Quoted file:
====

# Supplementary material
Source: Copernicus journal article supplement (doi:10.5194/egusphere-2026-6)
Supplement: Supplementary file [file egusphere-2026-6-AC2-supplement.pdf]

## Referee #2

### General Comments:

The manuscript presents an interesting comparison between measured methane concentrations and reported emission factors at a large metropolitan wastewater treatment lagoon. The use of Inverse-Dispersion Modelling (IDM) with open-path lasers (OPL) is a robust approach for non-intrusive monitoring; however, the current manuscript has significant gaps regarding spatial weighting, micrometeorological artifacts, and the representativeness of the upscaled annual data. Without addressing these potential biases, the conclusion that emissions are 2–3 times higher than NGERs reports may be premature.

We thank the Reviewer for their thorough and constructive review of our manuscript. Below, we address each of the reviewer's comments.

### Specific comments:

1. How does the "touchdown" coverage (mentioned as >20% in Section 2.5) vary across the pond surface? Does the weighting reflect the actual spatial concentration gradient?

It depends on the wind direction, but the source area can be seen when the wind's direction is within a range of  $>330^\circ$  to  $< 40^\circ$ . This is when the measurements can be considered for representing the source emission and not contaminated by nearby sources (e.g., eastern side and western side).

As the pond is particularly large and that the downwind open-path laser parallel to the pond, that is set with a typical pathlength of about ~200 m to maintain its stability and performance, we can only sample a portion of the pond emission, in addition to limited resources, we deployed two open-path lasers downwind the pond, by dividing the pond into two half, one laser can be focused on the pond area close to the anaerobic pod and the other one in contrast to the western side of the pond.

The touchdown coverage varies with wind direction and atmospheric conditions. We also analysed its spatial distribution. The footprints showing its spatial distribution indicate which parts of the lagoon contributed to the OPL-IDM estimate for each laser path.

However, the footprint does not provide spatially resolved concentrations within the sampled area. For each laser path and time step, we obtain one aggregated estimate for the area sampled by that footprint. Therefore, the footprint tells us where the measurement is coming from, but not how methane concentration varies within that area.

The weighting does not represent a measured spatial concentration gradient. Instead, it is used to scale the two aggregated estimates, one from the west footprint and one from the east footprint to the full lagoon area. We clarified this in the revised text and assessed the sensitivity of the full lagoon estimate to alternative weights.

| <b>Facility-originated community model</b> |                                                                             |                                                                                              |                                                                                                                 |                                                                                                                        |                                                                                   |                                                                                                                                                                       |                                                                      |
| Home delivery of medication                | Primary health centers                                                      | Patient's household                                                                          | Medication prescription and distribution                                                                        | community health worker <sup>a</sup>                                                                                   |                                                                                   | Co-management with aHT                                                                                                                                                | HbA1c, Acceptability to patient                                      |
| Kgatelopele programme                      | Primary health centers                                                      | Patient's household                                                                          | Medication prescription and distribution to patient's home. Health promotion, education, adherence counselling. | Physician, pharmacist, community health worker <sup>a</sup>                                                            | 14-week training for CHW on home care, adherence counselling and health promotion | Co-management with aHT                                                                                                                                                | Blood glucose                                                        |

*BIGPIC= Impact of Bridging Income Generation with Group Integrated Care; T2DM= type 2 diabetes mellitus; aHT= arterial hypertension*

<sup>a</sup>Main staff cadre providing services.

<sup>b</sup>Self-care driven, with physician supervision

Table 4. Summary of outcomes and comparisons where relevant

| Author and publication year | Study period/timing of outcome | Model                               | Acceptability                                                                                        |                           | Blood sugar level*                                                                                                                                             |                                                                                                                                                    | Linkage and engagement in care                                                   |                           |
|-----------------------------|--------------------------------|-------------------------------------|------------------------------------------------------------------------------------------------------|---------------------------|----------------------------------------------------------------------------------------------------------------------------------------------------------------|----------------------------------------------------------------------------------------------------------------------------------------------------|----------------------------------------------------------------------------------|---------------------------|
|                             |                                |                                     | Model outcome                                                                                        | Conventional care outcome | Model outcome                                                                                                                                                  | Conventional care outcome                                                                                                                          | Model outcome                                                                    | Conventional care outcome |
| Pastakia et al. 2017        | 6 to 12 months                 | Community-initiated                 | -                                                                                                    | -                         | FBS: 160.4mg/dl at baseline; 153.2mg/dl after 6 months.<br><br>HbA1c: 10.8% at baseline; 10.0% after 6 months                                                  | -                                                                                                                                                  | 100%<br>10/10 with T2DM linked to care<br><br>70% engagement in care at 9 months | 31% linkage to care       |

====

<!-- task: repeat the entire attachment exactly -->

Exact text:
# Supplementary material
Source: Copernicus journal article supplement (doi:10.5194/egusphere-2026-6)
Supplement: Supplementary file [file egusphere-2026-6-AC2-supplement.pdf]

## Referee #2

### General Comments:

The manuscript presents an interesting comparison between measured methane concentrations and reported emission factors at a large metropolitan wastewater treatment lagoon. The use of Inverse-Dispersion Modelling (IDM) with open-path lasers (OPL) is a robust approach for non-intrusive monitoring; however, the current manuscript has significant gaps regarding spatial weighting, micrometeorological artifacts, and the representativeness of the upscaled annual data. Without addressing these potential biases, the conclusion that emissions are 2–3 times higher than NGERs reports may be premature.

We thank the Reviewer for their thorough and constructive review of our manuscript. Below, we address each of the reviewer's comments.

### Specific comments:

1. How does the "touchdown" coverage (mentioned as >20% in Section 2.5) vary across the pond surface? Does the weighting reflect the actual spatial concentration gradient?

It depends on the wind direction, but the source area can be seen when the wind's direction is within a range of  $>330^\circ$  to  $< 40^\circ$ . This is when the measurements can be considered for representing the source emission and not contaminated by nearby sources (e.g., eastern side and western side).

As the pond is particularly large and that the downwind open-path laser parallel to the pond, that is set with a typical pathlength of about ~200 m to maintain its stability and performance, we can only sample a portion of the pond emission, in addition to limited resources, we deployed two open-path lasers downwind the pond, by dividing the pond into two half, one laser can be focused on the pond area close to the anaerobic pod and the other one in contrast to the western side of the pond.

The touchdown coverage varies with wind direction and atmospheric conditions. We also analysed its spatial distribution. The footprints showing its spatial distribution indicate which parts of the lagoon contributed to the OPL-IDM estimate for each laser path.

However, the footprint does not provide spatially resolved concentrations within the sampled area. For each laser path and time step, we obtain one aggregated estimate for the area sampled by that footprint. Therefore, the footprint tells us where the measurement is coming from, but not how methane concentration varies within that area.

The weighting does not represent a measured spatial concentration gradient. Instead, it is used to scale the two aggregated estimates, one from the west footprint and one from the east footprint to the full lagoon area. We clarified this in the revised text and assessed the sensitivity of the full lagoon estimate to alternative weights.

| <b>Facility-originated community model</b> |                                                                             |                                                                                              |                                                                                                                 |                                                                                                                        |                                                                                   |                                                                                                                                                                       |                                                                      |
| Home delivery of medication                | Primary health centers                                                      | Patient's household                                                                          | Medication prescription and distribution                                                                        | community health worker <sup>a</sup>                                                                                   |                                                                                   | Co-management with aHT                                                                                                                                                | HbA1c, Acceptability to patient                                      |
| Kgatelopele programme                      | Primary health centers                                                      | Patient's household                                                                          | Medication prescription and distribution to patient's home. Health promotion, education, adherence counselling. | Physician, pharmacist, community health worker <sup>a</sup>                                                            | 14-week training for CHW on home care, adherence counselling and health promotion | Co-management with aHT                                                                                                                                                | Blood glucose                                                        |

*BIGPIC= Impact of Bridging Income Generation with Group Integrated Care; T2DM= type 2 diabetes mellitus; aHT= arterial hypertension*

<sup>a</sup>Main staff cadre providing services.

<sup>b</sup>Self-care driven, with physician supervision

Table 4. Summary of outcomes and comparisons where relevant

| Author and publication year | Study period/timing of outcome | Model                               | Acceptability                                                                                        |                           | Blood sugar level*                                                                                                                                             |                                                                                                                                                    | Linkage and engagement in care                                                   |                           |
|-----------------------------|--------------------------------|-------------------------------------|------------------------------------------------------------------------------------------------------|---------------------------|----------------------------------------------------------------------------------------------------------------------------------------------------------------|----------------------------------------------------------------------------------------------------------------------------------------------------|----------------------------------------------------------------------------------|---------------------------|
|                             |                                |                                     | Model outcome                                                                                        | Conventional care outcome | Model outcome                                                                                                                                                  | Conventional care outcome                                                                                                                          | Model outcome                                                                    | Conventional care outcome |
| Pastakia et al. 2017        | 6 to 12 months                 | Community-initiated                 | -                                                                                                    | -                         | FBS: 160.4mg/dl at baseline; 153.2mg/dl after 6 months.<br><br>HbA1c: 10.8% at baseline; 10.0% after 6 months                                                  | -                                                                                                                                                  | 100%<br>10/10 with T2DM linked to care<br><br>70% engagement in care at 9 months | 31% linkage to care       |